# To prove a relation involving a probability distribution

I'm reading a book and have encountered a relation which seems to me to be impossible to prove, I would like to be sure if this is the case. The author gives a probability function as $$p_n = \frac{e^{-c_1 n - c_2/n}}{Z},$$ where $$c_1$$ and $$c_2$$ are constants and Z is a normalization factor and $$n \geq 3$$. Then by considering $$\langle n \rangle = 6$$ and defining $$\alpha$$ (the second moment) as $$\alpha = \sum_{n = 3}^{\infty} p_n (n - 6)^2$$, the author claims one can show that

$$\begin{equation} \alpha + p_6 = 1, \quad \quad \quad 0.66 < p_6 < 1, \end{equation}$$ $$\begin{equation} \alpha p_6^2 = 1 / 2 \pi, \quad \quad \quad 0.34 < p_6 < 0.66. \end{equation}$$

How is such a thing possible in the first place as these relations are not even dependent on $$c_1$$ and $$c_2$$?

• Do you want to tell us the name of the secret book? Jul 12, 2021 at 21:58

The equality $$\alpha + p_6 = 1$$ can be rewritten as $$\sum_{n=3}^\infty g(n)p_n=1,$$ where $$g(n):=(n-6)^2+1(n=6)\ge1(n\in\{5,6,7\})+4\times1(n\notin\{5,6,7\}).$$ Therefore and because $$p_n>0$$ for all $$n\ge3$$, we have $$\sum_{n=3}^\infty g(n)p_n>\sum_{n=3}^\infty p_n=1,$$ so that the equality $$\alpha + p_6 = 1$$ is always false.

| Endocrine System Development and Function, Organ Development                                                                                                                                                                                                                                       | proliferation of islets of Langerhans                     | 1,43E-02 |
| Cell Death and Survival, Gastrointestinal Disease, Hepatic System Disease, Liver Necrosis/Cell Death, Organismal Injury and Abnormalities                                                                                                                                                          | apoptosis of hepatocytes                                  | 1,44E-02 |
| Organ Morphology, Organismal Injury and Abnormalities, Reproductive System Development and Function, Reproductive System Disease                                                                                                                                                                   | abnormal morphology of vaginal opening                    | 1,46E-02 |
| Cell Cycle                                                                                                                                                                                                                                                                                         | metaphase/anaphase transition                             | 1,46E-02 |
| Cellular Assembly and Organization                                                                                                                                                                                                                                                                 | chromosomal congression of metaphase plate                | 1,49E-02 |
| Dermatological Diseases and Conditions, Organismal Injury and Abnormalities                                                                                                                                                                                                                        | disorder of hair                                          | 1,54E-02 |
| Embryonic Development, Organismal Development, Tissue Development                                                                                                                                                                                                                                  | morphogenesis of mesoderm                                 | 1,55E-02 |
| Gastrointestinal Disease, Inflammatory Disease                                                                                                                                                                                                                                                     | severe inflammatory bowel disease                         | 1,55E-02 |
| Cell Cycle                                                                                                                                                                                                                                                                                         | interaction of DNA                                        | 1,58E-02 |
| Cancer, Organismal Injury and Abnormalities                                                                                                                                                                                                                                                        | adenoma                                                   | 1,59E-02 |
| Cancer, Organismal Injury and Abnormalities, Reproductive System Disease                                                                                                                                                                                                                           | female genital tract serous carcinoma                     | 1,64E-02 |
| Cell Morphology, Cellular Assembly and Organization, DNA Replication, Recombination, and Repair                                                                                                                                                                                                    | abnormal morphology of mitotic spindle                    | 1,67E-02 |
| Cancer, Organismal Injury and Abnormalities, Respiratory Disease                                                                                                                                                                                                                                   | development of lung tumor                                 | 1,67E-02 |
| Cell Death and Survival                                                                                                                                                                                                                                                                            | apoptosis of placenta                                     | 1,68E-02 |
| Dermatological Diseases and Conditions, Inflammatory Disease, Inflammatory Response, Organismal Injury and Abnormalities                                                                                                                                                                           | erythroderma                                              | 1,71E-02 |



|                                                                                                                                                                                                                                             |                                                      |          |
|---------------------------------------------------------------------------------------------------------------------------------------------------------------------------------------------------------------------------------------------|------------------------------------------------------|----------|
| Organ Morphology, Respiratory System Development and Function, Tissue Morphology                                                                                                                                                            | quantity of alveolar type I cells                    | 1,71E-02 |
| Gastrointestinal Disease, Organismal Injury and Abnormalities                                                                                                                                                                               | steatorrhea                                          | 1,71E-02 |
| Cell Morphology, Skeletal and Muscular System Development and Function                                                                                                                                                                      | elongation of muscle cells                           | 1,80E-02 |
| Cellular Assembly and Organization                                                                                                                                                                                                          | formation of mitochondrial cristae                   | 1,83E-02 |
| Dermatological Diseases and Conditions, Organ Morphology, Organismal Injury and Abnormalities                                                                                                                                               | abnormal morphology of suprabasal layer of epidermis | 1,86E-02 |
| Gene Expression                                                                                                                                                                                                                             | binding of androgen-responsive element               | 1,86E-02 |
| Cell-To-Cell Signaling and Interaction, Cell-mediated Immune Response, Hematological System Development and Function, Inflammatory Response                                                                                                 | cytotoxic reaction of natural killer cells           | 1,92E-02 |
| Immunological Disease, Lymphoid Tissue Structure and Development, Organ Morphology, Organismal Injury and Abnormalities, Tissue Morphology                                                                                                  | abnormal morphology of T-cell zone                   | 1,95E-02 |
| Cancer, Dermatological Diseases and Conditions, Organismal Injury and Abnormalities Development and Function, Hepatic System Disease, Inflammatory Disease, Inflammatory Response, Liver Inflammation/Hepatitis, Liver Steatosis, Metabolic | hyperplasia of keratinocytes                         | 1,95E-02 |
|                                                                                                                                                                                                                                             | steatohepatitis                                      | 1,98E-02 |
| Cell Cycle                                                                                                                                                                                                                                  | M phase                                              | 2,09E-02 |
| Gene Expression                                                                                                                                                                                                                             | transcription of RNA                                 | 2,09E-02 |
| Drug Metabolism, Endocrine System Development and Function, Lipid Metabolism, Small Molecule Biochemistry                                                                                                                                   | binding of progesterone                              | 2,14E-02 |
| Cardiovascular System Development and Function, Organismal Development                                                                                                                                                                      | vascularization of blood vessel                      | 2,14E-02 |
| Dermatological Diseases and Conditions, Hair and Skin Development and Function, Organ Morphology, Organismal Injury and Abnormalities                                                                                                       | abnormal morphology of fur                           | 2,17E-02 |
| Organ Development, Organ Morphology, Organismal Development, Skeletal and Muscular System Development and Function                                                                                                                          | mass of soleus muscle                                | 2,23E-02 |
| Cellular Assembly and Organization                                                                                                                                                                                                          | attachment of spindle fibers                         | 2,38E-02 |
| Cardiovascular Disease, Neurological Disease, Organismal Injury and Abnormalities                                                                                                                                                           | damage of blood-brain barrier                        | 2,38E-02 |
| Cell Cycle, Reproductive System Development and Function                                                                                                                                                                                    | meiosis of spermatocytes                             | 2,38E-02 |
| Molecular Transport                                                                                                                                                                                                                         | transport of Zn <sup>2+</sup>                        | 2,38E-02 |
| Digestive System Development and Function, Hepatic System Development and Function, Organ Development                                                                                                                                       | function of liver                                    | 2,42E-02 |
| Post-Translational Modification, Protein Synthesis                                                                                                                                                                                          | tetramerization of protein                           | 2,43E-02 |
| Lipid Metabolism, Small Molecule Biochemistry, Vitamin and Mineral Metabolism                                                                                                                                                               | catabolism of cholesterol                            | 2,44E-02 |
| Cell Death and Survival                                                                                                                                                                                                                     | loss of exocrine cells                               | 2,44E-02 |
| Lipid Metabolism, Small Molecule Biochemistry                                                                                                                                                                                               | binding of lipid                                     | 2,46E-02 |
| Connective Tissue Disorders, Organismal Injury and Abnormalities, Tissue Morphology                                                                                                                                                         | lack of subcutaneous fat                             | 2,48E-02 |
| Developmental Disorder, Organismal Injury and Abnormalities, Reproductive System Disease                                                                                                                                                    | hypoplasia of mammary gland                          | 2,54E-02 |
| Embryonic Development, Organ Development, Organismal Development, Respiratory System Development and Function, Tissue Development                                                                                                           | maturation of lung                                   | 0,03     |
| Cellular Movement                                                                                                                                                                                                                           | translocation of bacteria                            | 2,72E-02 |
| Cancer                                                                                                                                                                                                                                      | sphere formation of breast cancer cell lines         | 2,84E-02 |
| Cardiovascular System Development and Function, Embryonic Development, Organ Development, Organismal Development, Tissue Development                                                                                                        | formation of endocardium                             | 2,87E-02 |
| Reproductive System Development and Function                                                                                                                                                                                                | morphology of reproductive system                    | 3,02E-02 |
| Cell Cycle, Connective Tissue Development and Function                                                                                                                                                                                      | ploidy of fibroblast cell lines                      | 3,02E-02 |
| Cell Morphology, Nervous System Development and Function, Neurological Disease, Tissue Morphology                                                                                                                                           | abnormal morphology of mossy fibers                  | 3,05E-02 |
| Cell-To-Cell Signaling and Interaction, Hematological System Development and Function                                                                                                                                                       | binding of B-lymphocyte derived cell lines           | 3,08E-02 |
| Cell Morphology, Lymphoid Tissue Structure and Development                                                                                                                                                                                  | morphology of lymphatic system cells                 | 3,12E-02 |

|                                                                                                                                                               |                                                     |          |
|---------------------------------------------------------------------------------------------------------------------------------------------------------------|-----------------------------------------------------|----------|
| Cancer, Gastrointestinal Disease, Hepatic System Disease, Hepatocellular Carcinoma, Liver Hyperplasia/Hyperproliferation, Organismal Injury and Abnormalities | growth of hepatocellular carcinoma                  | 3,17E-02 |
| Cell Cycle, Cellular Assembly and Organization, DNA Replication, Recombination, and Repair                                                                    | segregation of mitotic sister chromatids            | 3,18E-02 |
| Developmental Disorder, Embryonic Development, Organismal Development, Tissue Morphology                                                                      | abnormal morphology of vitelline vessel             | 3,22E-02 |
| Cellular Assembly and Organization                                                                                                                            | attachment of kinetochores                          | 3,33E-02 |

As for the equality $$\begin{equation} \alpha p_6^2 = 1 / 2 \pi, \quad \quad \quad 0.34 < p_6 < 0.66, \end{equation}$$ numerics suggest that it is also false in general. In particular, using Mathematica's numerical summation NSum[] command, for $$c_1=12$$ and $$c_2=500$$ we get $$p_6=0.50995\ldots\in(0.34,0.66)$$ but $$2\pi\alpha p_6^2=0.90785\ldots\ne1$$.